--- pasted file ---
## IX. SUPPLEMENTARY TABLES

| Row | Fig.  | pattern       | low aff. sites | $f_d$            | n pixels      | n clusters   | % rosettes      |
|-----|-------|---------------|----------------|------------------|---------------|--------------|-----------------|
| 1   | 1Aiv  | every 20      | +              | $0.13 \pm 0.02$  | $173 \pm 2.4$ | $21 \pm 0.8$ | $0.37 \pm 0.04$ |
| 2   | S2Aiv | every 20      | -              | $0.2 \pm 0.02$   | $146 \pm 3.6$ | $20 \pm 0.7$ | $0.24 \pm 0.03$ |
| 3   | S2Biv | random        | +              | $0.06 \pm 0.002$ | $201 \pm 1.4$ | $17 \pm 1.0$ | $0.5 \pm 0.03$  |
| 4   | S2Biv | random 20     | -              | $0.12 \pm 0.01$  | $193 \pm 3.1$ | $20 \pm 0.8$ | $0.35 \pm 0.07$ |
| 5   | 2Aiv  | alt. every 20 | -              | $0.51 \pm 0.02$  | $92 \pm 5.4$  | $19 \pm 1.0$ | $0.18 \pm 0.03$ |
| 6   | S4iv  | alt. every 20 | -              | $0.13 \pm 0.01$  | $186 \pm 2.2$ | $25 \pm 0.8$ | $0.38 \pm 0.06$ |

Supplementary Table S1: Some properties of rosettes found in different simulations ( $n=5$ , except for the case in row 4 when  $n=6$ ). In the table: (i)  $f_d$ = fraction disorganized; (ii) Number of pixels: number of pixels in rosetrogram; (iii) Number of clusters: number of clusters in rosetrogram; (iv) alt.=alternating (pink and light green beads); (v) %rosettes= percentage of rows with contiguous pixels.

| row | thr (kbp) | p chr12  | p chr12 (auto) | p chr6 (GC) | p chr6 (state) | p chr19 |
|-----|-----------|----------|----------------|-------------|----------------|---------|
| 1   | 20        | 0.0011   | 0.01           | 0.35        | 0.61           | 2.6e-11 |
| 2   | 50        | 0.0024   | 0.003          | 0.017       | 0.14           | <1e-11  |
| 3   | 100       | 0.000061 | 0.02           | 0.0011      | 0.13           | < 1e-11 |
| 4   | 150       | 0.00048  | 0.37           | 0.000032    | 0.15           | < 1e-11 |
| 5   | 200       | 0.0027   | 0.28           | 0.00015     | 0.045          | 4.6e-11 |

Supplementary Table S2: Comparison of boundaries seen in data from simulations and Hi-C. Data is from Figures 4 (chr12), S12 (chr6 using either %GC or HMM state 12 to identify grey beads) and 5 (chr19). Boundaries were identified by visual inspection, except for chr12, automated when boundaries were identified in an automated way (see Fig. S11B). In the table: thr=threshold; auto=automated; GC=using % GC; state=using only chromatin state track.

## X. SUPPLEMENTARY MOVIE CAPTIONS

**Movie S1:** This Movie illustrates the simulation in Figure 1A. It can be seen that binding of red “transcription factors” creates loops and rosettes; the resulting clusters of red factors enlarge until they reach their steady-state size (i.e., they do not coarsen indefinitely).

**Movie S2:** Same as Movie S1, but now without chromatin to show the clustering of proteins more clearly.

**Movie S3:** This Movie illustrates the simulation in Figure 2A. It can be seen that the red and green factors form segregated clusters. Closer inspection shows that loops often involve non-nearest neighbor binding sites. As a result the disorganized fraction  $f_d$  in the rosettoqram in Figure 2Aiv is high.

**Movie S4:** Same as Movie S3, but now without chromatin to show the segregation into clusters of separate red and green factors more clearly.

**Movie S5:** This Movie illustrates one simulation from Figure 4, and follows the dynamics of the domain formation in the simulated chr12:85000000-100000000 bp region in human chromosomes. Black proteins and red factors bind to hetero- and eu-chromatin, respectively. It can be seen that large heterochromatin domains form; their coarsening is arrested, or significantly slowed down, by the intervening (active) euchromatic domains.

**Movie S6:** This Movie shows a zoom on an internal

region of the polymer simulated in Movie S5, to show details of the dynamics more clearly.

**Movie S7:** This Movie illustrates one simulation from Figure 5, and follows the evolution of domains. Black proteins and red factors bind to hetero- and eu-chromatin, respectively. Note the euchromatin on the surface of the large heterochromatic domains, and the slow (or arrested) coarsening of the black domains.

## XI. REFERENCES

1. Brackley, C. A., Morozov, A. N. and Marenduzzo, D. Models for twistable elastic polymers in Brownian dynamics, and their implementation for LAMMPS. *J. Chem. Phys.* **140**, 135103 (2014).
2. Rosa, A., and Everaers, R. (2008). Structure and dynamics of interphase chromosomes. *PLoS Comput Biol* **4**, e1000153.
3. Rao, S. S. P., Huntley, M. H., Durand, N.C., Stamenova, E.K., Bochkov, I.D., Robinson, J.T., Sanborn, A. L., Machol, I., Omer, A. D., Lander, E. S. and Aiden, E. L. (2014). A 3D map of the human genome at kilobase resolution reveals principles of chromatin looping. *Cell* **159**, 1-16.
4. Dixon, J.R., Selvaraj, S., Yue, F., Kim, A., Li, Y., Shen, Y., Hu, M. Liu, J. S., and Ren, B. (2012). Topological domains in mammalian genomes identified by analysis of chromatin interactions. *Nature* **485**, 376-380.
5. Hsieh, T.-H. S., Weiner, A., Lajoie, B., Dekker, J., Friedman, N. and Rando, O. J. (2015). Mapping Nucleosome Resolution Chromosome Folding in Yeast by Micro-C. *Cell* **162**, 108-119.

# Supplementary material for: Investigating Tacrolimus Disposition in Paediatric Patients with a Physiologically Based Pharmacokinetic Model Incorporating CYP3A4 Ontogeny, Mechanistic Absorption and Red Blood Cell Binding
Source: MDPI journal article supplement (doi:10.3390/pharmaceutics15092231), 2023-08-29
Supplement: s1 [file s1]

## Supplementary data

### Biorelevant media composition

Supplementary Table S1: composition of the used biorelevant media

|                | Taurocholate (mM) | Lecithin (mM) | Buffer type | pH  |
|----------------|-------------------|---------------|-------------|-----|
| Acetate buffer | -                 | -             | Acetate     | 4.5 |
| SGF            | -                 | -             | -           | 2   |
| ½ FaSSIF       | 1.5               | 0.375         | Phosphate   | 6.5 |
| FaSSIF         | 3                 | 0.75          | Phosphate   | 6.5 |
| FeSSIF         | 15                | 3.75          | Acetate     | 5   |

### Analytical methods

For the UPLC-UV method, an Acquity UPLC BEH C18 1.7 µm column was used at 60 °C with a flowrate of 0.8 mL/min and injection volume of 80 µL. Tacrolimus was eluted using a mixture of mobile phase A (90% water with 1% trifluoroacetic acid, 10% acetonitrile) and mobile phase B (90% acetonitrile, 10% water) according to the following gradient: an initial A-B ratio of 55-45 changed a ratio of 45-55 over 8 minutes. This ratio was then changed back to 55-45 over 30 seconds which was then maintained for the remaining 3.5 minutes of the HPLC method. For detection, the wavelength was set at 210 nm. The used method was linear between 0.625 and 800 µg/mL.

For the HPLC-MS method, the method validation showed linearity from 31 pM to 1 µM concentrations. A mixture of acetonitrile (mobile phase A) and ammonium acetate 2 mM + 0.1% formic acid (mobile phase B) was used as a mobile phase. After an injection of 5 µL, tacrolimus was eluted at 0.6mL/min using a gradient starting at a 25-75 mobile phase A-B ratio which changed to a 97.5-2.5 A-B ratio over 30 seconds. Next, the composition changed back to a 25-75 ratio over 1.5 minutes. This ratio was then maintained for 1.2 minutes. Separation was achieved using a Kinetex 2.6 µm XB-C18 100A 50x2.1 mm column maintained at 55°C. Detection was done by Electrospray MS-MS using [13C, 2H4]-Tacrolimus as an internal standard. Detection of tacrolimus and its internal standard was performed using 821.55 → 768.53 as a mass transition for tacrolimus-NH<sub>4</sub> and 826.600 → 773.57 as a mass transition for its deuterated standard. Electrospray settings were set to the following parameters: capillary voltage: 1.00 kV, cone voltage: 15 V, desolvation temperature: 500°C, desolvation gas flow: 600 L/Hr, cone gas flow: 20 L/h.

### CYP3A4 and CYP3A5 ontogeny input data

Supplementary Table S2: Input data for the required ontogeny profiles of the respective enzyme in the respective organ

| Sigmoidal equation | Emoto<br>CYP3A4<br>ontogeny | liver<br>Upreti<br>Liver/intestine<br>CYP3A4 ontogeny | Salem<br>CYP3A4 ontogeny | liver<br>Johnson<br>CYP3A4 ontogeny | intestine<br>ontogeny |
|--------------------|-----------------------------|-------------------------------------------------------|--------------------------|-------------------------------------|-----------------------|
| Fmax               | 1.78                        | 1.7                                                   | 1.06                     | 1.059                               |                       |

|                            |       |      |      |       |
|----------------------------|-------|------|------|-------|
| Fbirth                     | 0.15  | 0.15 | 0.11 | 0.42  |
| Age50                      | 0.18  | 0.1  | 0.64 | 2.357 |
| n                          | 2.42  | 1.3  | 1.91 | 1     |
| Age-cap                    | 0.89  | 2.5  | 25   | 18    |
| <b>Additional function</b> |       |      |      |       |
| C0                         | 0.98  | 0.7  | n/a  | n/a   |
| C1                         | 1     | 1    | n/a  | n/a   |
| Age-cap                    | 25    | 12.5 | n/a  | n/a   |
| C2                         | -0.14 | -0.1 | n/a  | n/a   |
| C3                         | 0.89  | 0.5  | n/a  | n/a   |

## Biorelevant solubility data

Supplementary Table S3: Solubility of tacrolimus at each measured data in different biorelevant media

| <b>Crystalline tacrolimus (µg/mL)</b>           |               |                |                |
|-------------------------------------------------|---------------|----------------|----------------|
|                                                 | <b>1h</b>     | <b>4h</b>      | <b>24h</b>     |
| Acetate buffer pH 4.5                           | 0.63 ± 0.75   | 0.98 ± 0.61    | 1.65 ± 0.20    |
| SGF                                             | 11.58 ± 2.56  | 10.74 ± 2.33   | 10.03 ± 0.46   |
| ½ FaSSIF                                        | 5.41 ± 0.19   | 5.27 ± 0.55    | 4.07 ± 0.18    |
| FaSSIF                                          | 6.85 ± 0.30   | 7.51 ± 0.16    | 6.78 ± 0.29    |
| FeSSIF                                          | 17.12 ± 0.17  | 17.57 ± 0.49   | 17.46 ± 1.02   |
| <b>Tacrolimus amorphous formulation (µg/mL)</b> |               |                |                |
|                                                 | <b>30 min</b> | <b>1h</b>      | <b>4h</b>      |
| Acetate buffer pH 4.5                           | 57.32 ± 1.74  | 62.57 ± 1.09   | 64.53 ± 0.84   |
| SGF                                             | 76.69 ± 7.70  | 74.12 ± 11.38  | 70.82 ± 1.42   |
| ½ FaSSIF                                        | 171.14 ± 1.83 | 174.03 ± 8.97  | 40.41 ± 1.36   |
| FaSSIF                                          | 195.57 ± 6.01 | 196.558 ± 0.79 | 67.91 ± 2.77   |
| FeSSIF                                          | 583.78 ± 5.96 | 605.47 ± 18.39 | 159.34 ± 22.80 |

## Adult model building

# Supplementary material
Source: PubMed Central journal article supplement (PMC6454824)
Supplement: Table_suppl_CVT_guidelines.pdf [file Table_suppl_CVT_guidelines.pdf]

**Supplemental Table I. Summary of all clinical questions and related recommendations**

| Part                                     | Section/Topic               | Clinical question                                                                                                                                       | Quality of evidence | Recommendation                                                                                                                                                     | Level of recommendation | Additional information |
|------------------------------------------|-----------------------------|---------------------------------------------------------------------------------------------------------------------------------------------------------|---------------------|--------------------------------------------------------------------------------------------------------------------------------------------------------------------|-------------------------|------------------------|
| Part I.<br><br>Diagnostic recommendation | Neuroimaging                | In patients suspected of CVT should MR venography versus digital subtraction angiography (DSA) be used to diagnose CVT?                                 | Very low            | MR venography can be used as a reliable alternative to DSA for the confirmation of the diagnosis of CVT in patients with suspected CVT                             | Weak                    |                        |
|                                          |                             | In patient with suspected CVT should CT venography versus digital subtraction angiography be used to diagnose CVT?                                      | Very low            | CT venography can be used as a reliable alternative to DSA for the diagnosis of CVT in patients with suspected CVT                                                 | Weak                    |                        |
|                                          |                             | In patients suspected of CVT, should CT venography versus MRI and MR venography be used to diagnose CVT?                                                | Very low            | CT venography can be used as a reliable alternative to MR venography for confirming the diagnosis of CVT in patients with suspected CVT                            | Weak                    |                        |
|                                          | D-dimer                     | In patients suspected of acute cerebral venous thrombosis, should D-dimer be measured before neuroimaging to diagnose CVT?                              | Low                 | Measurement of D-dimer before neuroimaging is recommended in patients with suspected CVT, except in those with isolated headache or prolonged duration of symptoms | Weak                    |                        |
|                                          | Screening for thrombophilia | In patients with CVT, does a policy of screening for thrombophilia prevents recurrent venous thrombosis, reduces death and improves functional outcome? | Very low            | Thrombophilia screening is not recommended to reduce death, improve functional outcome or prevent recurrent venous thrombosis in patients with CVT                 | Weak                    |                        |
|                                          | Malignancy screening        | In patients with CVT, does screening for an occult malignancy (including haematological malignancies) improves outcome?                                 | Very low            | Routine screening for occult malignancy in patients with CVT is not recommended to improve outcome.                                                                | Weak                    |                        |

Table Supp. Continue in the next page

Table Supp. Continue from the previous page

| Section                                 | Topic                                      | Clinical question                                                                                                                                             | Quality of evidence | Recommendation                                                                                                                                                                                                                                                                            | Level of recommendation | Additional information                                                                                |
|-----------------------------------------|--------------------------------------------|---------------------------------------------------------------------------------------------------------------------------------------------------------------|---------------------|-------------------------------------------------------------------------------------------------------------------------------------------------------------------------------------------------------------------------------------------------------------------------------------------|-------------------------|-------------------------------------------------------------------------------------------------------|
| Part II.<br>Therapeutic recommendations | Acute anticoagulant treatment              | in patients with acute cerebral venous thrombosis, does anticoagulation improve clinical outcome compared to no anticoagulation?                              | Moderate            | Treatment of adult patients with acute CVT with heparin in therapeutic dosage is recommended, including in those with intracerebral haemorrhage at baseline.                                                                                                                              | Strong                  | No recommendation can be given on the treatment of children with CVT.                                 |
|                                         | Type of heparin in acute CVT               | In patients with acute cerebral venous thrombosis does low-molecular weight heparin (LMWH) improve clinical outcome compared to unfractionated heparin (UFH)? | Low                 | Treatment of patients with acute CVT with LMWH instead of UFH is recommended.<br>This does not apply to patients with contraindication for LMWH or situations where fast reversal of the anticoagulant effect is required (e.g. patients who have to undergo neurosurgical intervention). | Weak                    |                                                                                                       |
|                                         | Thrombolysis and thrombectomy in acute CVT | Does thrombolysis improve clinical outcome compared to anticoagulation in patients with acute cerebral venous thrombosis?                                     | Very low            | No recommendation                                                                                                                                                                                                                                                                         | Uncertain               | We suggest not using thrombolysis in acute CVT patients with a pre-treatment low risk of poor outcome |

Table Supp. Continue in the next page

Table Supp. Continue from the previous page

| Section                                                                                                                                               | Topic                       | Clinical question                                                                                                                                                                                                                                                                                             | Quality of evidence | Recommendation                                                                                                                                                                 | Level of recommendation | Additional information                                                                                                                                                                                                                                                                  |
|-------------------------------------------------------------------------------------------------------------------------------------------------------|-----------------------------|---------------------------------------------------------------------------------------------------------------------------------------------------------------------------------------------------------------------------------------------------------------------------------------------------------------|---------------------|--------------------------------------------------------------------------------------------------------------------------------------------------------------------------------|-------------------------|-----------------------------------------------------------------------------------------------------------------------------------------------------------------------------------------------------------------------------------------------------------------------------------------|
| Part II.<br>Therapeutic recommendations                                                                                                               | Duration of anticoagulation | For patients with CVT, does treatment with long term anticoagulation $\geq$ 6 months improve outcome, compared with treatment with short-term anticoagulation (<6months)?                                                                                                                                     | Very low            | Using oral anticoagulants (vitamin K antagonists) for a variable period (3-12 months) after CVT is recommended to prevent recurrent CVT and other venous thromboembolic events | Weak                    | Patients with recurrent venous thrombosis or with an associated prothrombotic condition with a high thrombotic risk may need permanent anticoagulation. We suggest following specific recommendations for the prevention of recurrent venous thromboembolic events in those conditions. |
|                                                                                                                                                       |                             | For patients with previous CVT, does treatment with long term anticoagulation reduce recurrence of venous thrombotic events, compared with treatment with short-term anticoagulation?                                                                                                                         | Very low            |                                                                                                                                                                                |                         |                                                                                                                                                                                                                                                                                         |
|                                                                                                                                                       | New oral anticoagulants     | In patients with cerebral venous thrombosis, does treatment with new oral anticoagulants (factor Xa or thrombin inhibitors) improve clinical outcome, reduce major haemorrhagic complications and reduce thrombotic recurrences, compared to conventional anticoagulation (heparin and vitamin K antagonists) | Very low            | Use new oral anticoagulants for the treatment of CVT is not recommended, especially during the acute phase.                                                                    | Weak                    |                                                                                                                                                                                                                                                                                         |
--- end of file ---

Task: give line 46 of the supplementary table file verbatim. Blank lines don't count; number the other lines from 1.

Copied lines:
| FeSSIF         | 15                | 3.75          | Acetate     | 5   |